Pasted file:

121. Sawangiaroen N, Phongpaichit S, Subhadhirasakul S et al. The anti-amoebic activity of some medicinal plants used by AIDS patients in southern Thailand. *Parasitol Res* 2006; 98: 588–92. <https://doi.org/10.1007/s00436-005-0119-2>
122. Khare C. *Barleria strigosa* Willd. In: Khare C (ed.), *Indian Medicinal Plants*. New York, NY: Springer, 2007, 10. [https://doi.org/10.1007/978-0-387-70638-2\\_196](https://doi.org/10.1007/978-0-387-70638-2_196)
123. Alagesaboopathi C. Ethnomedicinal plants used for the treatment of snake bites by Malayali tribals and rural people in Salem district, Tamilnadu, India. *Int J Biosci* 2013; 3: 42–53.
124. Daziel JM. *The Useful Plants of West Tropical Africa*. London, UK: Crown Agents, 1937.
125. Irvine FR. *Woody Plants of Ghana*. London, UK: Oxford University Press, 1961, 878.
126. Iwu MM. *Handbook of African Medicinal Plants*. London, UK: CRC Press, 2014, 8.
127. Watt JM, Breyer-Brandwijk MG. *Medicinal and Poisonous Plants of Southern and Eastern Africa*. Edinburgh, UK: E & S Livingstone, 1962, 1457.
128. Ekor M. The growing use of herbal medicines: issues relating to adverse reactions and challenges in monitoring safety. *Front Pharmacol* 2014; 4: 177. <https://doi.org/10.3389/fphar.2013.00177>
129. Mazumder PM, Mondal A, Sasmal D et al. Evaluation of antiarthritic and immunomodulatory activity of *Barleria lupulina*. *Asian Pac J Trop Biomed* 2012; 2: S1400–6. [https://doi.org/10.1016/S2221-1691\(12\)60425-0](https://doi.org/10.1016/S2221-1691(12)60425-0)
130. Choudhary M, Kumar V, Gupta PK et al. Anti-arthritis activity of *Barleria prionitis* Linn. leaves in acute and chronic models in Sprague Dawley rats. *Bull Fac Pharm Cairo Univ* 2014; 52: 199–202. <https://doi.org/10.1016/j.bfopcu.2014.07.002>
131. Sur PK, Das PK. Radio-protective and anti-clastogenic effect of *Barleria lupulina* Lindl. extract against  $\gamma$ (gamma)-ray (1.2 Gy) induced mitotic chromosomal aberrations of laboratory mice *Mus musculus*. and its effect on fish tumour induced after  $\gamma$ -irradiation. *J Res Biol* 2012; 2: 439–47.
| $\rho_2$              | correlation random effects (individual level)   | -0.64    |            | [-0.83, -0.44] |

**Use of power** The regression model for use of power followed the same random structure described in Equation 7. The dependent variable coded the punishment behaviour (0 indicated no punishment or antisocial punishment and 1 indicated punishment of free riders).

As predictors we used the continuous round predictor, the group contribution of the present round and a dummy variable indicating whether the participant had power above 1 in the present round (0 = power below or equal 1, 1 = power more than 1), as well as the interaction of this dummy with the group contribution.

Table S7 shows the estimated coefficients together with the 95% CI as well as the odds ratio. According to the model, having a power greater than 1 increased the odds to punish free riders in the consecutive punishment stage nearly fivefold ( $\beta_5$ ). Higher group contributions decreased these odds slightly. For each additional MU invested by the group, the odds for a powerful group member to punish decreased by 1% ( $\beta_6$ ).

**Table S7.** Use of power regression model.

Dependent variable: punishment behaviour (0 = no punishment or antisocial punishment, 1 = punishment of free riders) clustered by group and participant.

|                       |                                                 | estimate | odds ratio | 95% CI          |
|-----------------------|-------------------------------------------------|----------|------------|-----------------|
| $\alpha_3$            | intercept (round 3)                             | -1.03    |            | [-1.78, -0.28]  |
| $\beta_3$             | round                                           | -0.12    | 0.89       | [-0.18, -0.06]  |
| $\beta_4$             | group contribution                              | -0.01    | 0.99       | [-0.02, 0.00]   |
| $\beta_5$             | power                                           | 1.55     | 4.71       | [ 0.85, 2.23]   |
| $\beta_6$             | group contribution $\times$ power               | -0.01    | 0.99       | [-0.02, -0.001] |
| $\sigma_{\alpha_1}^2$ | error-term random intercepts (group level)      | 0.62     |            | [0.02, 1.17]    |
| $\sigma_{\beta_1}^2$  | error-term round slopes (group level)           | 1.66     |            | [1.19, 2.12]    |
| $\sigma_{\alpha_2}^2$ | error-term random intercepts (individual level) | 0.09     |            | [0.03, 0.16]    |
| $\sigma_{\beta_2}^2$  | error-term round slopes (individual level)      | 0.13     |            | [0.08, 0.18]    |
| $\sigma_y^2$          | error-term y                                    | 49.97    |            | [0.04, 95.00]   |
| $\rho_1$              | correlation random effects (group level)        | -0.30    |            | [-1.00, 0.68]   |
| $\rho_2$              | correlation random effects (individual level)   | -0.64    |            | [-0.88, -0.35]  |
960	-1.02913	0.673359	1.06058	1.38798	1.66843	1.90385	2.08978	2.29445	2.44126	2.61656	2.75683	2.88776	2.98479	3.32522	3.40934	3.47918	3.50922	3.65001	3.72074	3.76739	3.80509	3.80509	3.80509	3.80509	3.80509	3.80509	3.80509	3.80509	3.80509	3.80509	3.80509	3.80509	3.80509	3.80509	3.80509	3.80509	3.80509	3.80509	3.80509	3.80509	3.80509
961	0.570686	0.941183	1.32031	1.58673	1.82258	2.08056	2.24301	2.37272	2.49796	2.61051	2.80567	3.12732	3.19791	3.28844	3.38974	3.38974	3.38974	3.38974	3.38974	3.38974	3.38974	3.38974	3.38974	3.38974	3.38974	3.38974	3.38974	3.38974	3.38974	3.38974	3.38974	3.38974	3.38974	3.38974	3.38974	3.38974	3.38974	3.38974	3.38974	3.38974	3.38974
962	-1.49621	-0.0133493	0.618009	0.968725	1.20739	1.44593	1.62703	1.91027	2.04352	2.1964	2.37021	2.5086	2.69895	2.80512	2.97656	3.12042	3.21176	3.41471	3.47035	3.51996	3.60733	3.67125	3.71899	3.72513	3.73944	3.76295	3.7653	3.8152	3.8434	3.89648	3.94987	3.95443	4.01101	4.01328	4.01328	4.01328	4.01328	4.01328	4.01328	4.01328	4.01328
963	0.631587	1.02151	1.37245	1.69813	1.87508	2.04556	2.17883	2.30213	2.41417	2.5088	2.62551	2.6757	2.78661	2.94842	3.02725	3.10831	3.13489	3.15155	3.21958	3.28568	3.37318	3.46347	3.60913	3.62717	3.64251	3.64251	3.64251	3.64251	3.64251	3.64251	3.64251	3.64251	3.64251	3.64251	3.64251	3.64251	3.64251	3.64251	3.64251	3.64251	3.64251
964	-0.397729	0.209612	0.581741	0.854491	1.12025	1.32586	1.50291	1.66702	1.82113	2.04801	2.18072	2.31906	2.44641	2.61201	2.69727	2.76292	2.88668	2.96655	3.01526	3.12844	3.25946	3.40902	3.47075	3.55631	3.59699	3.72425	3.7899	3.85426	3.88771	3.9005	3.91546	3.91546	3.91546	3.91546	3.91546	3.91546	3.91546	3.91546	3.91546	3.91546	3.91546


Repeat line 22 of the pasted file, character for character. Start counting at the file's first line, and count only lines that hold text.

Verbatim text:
| $\beta_4$             | group contribution                              | -0.01    | 0.99       | [-0.02, 0.00]   |